Assyrian villages taken by Islamic State have been liberated
The Assyrian Christian villages raided and inhabited by Islamic State militants in February have now been retaken by Kurdish forces, local clergy have confirmed.
"All the villages along the Khabour River have been liberated," Father Emanuel Youkhana told Catholic News Service. He leads the Christian Aid Program Northern Iraq, which is working to support Syrian Christians displaced by ISIS. "This is very happy news," he added.
According to Father Youkhana, clergy have already begun returning to their villages. Father Bakos, of Tal Tamar village, "rang the church bell to celebrate," he said, though urged villagers not to follow suit too quickly because Kurdish forces were still removing mines left by the jihadists.
According to A Demand For Action (ADFA), 232 Assyrians are still missing from the dawn raids on February 23, abducted by IS militants, though some hostages have been released. Father Youkhana said those that remain in captivity are thought to be being treated well however, and another Catholic priest based in Jordan, Father Rifat Bader, expressed a hope that they would be returned safely soon.
"It's a sad and complicated situation," he told CNS. "You don't know how they will be used."
Assyrian Christians have faced significant persecution during ISIS' rise to prominence. Some 3,000 were forced to flee from the Khabour region, and in March, militants bulldozed the ancient Assyrian cities of Nimrud and Hatra, both of which are UNESCO World Heritage sites.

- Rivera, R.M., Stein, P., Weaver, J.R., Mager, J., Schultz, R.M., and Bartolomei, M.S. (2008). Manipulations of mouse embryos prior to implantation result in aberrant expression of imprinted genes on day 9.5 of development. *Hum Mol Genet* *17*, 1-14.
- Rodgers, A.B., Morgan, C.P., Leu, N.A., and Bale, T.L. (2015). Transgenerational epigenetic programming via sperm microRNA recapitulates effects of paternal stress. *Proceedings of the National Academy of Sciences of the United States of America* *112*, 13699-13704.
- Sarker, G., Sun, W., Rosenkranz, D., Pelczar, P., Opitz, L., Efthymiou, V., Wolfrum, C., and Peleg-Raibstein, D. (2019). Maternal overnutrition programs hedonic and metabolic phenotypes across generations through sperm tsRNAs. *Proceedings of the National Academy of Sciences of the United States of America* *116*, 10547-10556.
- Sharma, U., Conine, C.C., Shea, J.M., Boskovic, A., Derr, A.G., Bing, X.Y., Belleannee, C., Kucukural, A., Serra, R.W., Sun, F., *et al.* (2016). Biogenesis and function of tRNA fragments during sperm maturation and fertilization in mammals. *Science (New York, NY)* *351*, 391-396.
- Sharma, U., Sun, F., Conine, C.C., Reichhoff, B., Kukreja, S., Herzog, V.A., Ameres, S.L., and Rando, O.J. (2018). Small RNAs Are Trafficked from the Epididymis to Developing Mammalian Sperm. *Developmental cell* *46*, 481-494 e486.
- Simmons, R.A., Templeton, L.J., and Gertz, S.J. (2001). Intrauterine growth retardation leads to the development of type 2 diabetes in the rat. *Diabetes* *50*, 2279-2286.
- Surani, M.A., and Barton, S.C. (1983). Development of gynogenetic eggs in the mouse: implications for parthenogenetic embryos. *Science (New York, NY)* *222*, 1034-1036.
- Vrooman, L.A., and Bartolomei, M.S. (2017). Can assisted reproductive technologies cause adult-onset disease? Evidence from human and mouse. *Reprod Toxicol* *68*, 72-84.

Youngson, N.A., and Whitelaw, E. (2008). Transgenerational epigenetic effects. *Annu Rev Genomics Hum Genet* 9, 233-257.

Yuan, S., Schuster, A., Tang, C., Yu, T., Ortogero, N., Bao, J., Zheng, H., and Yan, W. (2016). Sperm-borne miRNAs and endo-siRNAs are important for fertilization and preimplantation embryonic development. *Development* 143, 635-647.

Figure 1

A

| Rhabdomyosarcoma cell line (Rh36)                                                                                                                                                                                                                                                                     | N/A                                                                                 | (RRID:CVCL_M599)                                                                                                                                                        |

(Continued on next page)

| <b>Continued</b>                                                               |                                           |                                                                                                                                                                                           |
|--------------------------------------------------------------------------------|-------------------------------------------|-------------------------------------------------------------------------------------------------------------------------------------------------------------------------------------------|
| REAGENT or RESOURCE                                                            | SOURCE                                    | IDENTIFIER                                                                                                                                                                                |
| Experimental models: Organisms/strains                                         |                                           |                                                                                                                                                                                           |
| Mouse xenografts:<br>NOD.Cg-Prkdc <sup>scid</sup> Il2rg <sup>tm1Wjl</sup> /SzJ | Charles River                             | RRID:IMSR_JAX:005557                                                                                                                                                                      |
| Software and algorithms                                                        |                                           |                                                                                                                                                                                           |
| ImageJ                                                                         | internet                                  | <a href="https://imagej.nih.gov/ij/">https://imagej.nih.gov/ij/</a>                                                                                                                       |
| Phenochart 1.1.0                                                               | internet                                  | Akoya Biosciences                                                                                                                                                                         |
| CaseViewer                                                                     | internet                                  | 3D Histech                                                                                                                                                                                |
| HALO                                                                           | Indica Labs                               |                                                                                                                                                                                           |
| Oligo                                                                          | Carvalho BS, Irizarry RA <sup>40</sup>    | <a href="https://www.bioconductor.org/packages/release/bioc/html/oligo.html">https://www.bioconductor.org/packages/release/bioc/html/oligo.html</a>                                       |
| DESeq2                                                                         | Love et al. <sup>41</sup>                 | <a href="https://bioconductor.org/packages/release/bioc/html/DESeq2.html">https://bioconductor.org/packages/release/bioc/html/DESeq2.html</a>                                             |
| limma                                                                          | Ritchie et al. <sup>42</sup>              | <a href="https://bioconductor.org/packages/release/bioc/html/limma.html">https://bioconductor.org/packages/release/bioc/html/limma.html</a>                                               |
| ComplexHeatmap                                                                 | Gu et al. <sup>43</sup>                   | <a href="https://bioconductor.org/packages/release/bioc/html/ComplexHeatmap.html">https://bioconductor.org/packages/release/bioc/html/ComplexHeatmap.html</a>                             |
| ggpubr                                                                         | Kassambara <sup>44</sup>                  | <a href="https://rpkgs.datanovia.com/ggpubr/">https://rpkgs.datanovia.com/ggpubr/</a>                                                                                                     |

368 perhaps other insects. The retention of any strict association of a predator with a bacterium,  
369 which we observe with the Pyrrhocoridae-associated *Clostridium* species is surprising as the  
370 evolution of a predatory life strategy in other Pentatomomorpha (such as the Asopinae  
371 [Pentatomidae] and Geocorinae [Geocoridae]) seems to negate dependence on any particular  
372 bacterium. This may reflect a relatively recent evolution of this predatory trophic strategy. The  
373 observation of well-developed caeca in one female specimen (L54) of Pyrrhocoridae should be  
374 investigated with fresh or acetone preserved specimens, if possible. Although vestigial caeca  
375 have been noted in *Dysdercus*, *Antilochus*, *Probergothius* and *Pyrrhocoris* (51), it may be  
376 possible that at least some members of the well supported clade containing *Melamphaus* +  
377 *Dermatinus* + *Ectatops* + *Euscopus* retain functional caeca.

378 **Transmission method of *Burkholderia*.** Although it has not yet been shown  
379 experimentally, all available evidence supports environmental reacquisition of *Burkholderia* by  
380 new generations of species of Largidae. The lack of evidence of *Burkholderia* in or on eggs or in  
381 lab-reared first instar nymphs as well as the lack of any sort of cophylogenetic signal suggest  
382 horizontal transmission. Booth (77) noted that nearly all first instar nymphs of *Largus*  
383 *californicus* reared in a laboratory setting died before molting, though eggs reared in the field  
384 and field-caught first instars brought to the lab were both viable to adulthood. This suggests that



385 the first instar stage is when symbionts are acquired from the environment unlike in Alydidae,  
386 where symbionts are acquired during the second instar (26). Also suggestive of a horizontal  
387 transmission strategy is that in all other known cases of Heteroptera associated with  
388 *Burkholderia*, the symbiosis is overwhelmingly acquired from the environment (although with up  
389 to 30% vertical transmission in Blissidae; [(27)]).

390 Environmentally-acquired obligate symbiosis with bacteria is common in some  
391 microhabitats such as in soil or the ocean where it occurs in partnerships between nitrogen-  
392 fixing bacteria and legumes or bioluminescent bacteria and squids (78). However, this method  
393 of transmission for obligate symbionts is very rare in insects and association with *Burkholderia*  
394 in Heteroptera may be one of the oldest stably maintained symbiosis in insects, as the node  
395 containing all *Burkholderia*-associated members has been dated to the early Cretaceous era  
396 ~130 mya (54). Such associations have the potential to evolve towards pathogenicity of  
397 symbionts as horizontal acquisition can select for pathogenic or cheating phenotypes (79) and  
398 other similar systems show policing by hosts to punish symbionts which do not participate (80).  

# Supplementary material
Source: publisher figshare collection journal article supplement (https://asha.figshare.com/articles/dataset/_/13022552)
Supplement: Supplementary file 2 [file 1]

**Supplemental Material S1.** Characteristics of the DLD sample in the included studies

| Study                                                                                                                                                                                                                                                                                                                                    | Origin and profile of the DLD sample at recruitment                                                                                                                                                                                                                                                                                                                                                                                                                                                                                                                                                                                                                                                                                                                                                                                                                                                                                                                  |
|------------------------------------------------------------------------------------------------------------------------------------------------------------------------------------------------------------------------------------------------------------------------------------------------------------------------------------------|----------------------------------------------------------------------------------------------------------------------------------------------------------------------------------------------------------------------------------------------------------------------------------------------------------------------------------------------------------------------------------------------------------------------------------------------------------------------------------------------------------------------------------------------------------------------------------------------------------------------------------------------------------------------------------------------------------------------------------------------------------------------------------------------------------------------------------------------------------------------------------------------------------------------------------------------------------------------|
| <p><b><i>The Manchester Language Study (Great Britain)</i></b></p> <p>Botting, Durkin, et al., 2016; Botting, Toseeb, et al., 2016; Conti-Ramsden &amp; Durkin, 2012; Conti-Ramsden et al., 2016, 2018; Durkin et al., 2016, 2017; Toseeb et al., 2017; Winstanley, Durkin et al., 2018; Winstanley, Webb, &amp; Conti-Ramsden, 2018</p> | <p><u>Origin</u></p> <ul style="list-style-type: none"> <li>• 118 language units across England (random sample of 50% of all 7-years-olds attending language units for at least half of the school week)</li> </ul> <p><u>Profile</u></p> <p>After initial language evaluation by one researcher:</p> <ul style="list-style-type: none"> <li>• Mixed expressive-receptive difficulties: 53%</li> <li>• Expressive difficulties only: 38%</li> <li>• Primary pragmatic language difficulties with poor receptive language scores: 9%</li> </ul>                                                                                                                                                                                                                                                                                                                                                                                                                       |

Assyrian refugees in Lebanon have now revealed the levels of brutality perpetrated by ISIS. Jack Zayya, who fled from Al-Hasakah in Syria to Beirut, told World Crunch that children were forced to watch beheadings take place. Christians were forbidden from driving or riding in cars and from wearing crucifixes. Women were forced to wear Islamic dress, and church crosses were destroyed.
"We were obligated to watch public executions. What kind of world is that for kids to grow up in? They were always scared," Zayya said.
An ancient branch of Christianity, the Assyrian Church of the East has roots dating back to the 1st century AD. Assyrian Christians speak Aramaic, the language of Jesus, and have origins in ancient Mesopotamia – a territory which is now spread over modern day northern Iraq, north-east Syria and south-eastern Turkey.
ISIS' treatment of Assyrian Christians has been condemned by the UN Security Council, which has called for the "immediate and unconditional" release of all those captured.